How often have you heard of a company being widely hailed as innovative in their field these days? It seems like everyone, especially in the startup world, wants to disrupt an industry, become a game changer, or spark a revolution in the hearts and minds of their consumers and competitors.
Unfortunately, chasing a buzzword without really understanding the deeper drivers of human behavior in organizations is not really the most effective way of achieving “disruptor status”.
Innovation is one of the most overused buzzwords today, and while the concept seems to arouse the keen attention of entrepreneurs and startups, it seldom gains any traction in larger, more established organizations. Many startups flare and burn out in the quest for innovation. For large, established organizations, familiarity and current processes often outweigh the ability to drive it.
So, what does it mean to be innovative?
What Is Innovation, Really?
Many people think innovation is the process of being creative and coming up with new ideas. But, these folks are missing the other key component of innovation- actually translating that creative vision into a product or service that adds value to someone else.
In for-profit business, this usually extends further to include the requirement that those other people are actually willing to pay money for such an innovation. If your only goal is to innovate without any sense of the reality of the market and of what is actually valuable to others, you are setting yourself up for failure.
In addition, a lot of people assume a company can “be innovative” by trying to inject a few innovative practices into their process. They may look at an innovative company like Apple or Treehouse, who have woven in innovative behaviors, and try to emulate those behaviors in their own organization.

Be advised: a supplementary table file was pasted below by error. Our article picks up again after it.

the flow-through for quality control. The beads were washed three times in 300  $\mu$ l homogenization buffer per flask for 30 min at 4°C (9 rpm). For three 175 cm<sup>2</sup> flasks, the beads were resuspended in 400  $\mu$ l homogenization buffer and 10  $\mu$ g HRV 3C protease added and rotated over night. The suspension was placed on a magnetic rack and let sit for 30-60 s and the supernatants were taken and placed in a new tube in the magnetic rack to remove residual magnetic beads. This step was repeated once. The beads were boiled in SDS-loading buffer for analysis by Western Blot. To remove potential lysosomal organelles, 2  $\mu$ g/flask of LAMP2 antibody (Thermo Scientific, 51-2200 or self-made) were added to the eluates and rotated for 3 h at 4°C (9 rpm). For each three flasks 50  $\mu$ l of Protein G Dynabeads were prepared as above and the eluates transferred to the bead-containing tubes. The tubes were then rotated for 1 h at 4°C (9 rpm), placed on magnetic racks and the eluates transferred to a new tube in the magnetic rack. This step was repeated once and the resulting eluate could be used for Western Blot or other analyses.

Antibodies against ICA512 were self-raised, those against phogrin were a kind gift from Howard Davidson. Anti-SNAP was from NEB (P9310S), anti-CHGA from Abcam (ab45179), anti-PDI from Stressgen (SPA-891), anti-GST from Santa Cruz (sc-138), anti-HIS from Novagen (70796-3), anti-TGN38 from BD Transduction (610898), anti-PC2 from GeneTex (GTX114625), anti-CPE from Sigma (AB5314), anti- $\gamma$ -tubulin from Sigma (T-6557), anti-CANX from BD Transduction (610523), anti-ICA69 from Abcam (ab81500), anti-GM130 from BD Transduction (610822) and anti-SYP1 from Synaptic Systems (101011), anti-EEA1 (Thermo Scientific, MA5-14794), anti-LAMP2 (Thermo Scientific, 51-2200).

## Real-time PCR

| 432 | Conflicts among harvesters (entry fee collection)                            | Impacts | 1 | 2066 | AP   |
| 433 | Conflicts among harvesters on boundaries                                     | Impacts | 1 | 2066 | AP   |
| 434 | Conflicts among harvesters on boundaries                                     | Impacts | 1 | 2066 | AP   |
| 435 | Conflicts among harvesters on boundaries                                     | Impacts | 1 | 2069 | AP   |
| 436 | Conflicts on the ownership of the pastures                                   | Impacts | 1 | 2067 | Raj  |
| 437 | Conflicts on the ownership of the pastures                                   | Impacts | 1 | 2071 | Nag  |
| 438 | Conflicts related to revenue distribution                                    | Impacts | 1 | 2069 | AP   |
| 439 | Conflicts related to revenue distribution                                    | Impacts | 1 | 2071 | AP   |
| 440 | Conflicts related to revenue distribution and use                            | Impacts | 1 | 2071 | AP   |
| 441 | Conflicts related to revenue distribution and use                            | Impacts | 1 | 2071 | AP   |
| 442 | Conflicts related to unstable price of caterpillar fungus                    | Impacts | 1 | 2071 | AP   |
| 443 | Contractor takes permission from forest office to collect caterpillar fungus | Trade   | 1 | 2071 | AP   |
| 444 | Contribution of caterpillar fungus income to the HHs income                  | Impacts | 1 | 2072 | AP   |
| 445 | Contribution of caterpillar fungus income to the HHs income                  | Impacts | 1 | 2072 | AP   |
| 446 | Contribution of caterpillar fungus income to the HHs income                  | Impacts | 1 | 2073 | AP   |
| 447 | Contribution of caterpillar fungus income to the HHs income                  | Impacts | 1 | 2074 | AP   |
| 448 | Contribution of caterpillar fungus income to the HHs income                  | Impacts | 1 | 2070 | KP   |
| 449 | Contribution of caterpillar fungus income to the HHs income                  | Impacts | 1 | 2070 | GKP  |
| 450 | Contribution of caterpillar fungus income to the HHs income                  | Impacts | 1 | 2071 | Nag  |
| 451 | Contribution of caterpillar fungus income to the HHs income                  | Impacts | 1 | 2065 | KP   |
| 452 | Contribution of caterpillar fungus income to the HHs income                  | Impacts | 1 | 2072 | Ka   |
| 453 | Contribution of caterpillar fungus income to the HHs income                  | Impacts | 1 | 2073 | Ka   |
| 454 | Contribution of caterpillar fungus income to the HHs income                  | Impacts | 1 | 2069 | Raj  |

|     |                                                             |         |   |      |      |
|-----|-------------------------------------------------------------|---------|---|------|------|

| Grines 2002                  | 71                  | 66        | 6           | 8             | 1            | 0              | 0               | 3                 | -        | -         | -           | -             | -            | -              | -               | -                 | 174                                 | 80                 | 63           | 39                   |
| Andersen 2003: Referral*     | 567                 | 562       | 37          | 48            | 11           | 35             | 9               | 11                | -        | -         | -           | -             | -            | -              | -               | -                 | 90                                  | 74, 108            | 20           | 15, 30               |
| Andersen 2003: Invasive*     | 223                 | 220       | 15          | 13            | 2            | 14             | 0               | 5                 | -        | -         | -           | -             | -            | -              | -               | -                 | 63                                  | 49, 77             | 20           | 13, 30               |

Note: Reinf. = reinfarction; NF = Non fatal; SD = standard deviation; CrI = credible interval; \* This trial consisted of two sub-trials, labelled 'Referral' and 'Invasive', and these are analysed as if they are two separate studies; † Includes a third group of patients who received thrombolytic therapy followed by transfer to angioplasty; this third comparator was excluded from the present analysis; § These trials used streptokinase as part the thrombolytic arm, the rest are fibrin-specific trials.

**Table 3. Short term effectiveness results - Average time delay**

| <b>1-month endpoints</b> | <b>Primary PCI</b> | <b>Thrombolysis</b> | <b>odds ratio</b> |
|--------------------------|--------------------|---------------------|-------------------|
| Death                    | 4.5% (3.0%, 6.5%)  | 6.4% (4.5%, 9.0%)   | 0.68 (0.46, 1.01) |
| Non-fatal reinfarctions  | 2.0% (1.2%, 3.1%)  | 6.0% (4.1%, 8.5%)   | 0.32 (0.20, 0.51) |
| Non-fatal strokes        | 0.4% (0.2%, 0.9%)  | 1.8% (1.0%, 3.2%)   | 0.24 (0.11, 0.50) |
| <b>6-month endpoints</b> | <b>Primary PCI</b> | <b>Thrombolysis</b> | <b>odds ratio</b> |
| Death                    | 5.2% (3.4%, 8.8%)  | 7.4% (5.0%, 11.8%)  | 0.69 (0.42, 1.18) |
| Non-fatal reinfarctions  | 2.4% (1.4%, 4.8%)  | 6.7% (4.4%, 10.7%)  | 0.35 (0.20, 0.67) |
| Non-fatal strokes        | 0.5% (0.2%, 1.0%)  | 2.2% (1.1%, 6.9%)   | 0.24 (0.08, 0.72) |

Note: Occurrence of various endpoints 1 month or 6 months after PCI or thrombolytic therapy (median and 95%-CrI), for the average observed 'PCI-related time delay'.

As you may have guessed, this rarely works.
Companies that are truly innovative are not necessarily consciously doing things to “be innovative.” Rather, they value at their core, certain things that drive innovative behavior and the result is innovation.
It’s really a culture issue- something that resides in the deep recesses of the collective subconscious that guides people by saying, “Hey, these behaviors that are usually associated with innovation- those are really good behaviors in this organization and we really value them.”
Creating a culture of innovation is more about building an engine of employee behaviors within your organization. But, even the most well intentioned engines of innovation can stall unless you continuously provide the right fuel to support those behaviors.
How Do You Jumpstart Your Organization When Innovation Stalls?
A sure sign that the engine of innovation is stalling in your company is when most of your energy is focused on internal or established processes, while external factors in the market and competition are largely ignored.
If we consider Quinn and Rohrbaugh’s competing values framework, organizations who focus internally rather than balancing their focus between the internal and external sides of business may unintentionally set themselves up for failure in the long-term.